2011-05-06 / Columnists

It’s My Turn

They Say ‘Hispanic’ … I See Black
By Timothy Aaron Styles Community Activist

According to all indicators, the “Hispanic” population grew by 43 percent over the last 10 years pushing the actual numbers to over 50 million. Now, according to sources such as the Census Bureau, one out of every six North American (United States) citizens is “Hispanic.”

I keep hearing this statistical, numerical and quantitative fact reported; however, there is one historical and cultural truth that I am not hearing, except in my own head and out my own mouth: many, if not most, of the people classified as “Hispanic” are actually of African descent and “Black.”

With this in mind, my logic says, if the Afro-Hispanic population is increasing in numbers, so are the number of regular ole “Black” folks which means – Black folks, overall, are becoming the “new” majority.

Then why don’t they just say that?

For the record, there is really no such thing as an Hispanic “race.” As an aside, I must say that I am one of those reluctant to use the term “race” to distinguish (between) various peoples. If one believes that there is only One Human Race, then how could there be other races? How could you have sub-races? Wouldn’t a “sub-race” mean that there are “sub-humans”?

Personally, I prefer using either of the following terms to classify and differentiate human beings: ethnicity, culture or nationality. But, that’s another narrative deserving more exploration and discussion at a later date.

Hispanic (or Latino) peoples are people comprised of indigenous Native North, Central and South American nations including the Caribbean (e.g. Taino, Arawak, Carib, Aztec, Mayan, Calusa, etc.); Africans; and Europeans (Spaniards and Portuguese). Their ethnic and cultural origins are traceable to either or all of these groups.

As it is well documented, the Spanish and Portuguese presence in the Americas is primarily due to colonialism – what some euphemistically refer to as, “exploration” and “discovery.” Later.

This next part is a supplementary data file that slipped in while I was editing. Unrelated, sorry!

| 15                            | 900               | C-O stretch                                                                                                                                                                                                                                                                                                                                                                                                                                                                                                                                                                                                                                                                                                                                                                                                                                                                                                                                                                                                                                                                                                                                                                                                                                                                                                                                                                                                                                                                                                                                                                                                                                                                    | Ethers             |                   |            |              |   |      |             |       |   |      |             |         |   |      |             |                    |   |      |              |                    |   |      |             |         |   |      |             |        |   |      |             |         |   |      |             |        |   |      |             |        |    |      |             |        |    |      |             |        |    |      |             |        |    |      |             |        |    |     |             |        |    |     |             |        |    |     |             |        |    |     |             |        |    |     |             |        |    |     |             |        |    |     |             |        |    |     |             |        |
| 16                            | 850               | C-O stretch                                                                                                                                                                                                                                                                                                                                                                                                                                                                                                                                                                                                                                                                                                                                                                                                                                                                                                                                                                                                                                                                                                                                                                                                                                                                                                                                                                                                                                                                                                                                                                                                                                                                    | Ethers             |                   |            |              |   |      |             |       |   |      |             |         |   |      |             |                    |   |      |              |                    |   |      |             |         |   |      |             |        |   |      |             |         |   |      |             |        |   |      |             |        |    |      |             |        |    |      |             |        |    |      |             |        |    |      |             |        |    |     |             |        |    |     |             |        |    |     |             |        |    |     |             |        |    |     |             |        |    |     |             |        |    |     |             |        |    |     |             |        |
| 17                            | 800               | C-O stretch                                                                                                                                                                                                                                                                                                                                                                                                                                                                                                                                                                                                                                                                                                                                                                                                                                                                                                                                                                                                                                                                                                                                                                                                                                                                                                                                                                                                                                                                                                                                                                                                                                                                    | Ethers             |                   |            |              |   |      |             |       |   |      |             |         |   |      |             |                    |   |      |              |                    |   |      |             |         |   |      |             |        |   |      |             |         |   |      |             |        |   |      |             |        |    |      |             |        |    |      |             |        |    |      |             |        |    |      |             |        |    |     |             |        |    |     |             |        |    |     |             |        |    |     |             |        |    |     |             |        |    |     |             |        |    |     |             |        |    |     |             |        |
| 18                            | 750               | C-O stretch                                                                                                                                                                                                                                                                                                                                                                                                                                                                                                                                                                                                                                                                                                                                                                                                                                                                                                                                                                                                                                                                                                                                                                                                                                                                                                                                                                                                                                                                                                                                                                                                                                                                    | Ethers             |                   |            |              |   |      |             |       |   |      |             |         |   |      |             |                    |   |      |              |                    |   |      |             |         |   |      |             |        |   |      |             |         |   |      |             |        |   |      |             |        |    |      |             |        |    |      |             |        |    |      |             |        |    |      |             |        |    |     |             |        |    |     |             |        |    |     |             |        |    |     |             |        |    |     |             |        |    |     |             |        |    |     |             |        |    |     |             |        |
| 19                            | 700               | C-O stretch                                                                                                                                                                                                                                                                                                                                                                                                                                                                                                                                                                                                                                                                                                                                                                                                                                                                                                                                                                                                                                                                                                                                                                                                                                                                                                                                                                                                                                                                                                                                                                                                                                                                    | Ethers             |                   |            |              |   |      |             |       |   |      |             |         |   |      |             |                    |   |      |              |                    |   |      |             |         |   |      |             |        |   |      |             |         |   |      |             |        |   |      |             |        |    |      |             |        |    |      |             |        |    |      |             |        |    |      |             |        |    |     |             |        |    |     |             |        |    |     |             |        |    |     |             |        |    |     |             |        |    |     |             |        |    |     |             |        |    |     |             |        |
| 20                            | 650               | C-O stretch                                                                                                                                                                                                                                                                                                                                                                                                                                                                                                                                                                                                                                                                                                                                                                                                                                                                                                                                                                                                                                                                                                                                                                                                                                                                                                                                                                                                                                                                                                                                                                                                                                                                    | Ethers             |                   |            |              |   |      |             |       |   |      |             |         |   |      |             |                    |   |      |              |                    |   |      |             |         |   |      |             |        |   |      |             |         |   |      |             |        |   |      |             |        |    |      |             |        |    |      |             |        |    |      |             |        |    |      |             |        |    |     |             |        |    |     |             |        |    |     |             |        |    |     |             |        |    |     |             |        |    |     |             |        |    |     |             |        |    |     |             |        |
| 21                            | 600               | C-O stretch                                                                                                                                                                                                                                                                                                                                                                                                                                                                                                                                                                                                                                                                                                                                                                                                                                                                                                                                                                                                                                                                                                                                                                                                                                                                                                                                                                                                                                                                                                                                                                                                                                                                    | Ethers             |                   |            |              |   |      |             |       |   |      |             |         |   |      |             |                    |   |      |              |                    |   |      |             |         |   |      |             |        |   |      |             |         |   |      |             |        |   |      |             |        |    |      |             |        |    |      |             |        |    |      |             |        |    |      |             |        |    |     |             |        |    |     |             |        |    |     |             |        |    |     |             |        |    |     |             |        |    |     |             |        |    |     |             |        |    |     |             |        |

It is the Spanish and Portuguese presence that put the “Latin” in Latin America. While there are remnants of indigenous/ Native and African culture throughout the “Hispanic Diaspora,” primarily, it is the Spanish language that defines, connects and “unites” Hispanic people.

Put another way, the major commonality and criterion used to classify “Hispanic” peoples is the Spanish language. The term “Hispanic,” then, is primarily based on linguistics and secondarily on culture.

Again – ethnically, there is no such thing as “Hispanic.”

Interestingly enough, Spain owes so much to Hannibal the African for the development of its civilization and culture. Oh, the complexities of history, culture and identity. Another topic for another time.

In nations like Panama, the Dominican Republic, Puerto Rico, Argentina, Brazil, Ecuador, Cuba, Peru, Mexico and Columbia – you will find many Black people, as well as clear African cultural influence in and through food, music, religion/spirituality, architecture, art and language. In some cases, probably rare, I will admit, you will find that the African culture is the dominant culture such as in Brazil, Cuba, Panama, Puerto Rico and the Dominican Republic. So I find it interesting and sad when I hear of African-Americans taking anti- Hispanic positions as they are apparently unaware of the ethnic, cultural and historical commonalities between them and African-Hispanics.

Case in point, in an NPR story about “New NAACP Leaders Broaden Group’s Missions,” an AME ZION Minister in Waterbury, Connecticut, by the name of Leroy Perry, stating his opposition to a Hispanic person serving as chapter president based on the fact that the NAACP was started for “Black people in particular.” I shook my head as I listened to this leader of an African Methodist Episcopal church. Emphasis on “African.”

Oh, this Queens, New York-born and raised person is not naive. I know that many, if not most, Hispanic folks are just as unaware, or in denial, about both their Africaness/Blackness and their ethnic and cultural ties to African- Americans as are African-Americans about theirs to their Hispanic cousins. Yet another topic to discuss at another time. Neither African-American ignorance or self-denial nor Afro-Hispanic ignorance or self-denial can change the historical truths.

Black people are not just African- American. Nor can “Black” continue to merely be defined by skin color and locality.

Being “Black” is just as global as globalization. And no longer can narrative and discourse about being “Black” and “what is Black?” be intelligently and honestly engaged in without mentioning a simple six letter word: “A-F-R-I-C-A.”

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